RFE/RL's Balkan Service reports that inhabitants of the former Yugoslav republic are the third-largest national group to visit Greece this year, with only Germans and Cypriots flocking to the popular Balkan tourist destination in greater numbers.
In some respects, given how close their country is to Greece, it is hardly surprising that, according to one travel agent, there are some 500,000 Macedonians enjoying Hellenic sunshine and beaches at the moment.
"The sea is close here," one holidaymaker told RFE/RL. "The road is short; prices are more or less acceptable; you can find accommodation for 15 [euros] per person and it's affordable. I think proximity is a factor."
Even though Macedonians are estimated to have spent 550 million euros ($729 million) in their cash-strapped neighboring country last year, they are not always being welcomed with open arms.
According to Balkan Insight, the Foreign Ministry in Skopje has expressed concern over "nationalist rhetoric" that it says is being directed toward Macedonians spending their summer vacations in Greece.
In particular, the ministry cited confrontations reportedly involving members of the ultranationalist Golden Dawn movement who have been handing out pamphlets to Macedonian tourists at border crossings while chanting chauvinistic slogans.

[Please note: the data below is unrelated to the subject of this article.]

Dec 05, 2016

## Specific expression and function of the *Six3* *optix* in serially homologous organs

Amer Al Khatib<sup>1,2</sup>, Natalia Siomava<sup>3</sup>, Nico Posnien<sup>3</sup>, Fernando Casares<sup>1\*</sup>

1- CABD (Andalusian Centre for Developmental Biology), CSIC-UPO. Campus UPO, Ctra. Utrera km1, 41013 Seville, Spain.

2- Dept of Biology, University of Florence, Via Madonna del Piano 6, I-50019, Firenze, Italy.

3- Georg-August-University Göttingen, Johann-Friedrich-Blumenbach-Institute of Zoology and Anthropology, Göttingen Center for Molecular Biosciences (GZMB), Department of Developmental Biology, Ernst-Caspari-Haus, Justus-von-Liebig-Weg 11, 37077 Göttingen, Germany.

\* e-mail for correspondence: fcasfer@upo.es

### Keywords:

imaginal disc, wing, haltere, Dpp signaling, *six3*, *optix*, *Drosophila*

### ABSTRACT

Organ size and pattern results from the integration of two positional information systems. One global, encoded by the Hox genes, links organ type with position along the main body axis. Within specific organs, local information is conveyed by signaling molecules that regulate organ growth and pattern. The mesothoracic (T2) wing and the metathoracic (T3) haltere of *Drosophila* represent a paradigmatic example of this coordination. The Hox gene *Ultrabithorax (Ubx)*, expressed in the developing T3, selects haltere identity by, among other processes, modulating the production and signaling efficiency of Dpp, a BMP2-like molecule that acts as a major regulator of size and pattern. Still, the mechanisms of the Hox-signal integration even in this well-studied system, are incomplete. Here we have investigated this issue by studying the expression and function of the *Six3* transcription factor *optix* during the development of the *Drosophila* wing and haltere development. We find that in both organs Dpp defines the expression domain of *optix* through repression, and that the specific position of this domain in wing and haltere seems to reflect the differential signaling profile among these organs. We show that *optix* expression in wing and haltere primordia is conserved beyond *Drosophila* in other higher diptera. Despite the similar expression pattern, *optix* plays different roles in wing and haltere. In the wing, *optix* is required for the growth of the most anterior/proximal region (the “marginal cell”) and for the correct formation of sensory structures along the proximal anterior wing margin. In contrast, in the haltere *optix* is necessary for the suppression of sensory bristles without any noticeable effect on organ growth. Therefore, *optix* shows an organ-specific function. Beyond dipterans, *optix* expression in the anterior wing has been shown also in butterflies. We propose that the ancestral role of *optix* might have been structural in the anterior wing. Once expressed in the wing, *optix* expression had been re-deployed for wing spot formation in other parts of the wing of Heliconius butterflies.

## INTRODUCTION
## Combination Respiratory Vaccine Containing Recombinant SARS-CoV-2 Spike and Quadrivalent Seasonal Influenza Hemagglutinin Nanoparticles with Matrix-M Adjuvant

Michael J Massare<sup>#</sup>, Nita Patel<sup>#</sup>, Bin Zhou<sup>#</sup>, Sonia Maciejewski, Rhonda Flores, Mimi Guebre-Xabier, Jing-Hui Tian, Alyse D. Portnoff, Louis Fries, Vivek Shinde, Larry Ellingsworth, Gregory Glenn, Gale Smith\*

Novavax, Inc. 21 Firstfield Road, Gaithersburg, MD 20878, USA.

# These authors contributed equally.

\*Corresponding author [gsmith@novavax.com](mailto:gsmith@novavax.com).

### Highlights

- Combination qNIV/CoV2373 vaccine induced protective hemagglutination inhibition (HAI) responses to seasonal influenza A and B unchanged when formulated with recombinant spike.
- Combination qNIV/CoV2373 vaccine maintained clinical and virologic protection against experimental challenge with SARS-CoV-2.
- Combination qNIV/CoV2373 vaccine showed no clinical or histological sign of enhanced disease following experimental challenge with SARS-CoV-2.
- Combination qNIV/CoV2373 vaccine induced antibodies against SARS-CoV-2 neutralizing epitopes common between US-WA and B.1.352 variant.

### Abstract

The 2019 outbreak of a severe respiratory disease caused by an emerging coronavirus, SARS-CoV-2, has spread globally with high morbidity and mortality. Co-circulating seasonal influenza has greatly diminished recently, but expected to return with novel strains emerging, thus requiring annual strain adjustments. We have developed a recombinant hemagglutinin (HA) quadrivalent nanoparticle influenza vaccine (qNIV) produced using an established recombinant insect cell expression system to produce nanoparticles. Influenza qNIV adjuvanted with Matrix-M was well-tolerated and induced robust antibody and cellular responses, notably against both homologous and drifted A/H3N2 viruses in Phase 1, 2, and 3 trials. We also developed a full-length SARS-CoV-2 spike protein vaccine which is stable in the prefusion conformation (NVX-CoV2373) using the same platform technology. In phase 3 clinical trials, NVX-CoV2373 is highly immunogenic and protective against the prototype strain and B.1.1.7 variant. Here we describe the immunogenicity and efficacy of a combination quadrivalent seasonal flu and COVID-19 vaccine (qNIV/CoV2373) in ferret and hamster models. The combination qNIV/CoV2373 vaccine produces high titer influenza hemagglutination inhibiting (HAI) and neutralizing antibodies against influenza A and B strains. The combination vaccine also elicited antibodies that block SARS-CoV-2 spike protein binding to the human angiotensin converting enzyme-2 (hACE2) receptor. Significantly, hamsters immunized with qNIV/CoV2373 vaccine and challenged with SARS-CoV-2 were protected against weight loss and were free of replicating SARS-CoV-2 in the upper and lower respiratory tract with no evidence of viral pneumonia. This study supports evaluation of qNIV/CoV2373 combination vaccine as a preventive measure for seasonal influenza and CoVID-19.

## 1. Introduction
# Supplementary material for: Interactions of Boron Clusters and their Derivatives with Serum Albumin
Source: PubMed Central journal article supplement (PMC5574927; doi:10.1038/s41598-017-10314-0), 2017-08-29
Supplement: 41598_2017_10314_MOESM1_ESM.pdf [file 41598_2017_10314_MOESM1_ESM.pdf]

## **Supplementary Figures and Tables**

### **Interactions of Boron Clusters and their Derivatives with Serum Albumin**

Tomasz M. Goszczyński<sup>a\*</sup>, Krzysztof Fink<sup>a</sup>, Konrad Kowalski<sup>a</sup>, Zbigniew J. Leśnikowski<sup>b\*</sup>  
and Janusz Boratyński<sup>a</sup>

There have also been reports that dozens of cars with Macedonian license plates have been attacked and damaged.
Skopje has complained to Athens that such incidents are "not in the spirit of good neighborliness" and asked that efforts be made to curtail such activities, which it says are not conducive to helping both countries overcome their differences.
Macedonia and Greece have been locked in a name dispute since the former seceded from Yugoslavia in 1991. Athens has blocked Macedonia's membership of NATO because of the row, arguing that the use of the word Macedonia implies a territorial claim over its northern region of the same name.
Skopje rejects Greece's claim. Although more than 130 states recognize the country as Macedonia, it is still listed at the UN under its provisional name, the Former Yugoslav Republic of Macedonia.
However, despite the occasional hostility shown toward them in Greece and the continuing tensions between the two countries, it is unlikely that this will stop Macedonians from flocking to their southern neighbor's Aegean shores anytime soon.
"The first [attraction] is the familiarity," says Macedonian travel owner Angel Ivanov "Low prices are second. The third thing is that they feel really comfortable in Greece. The inconvenience [of hostile behavior] is only felt by a small number of people, not even 1 percent."
-- Coilin O'Connor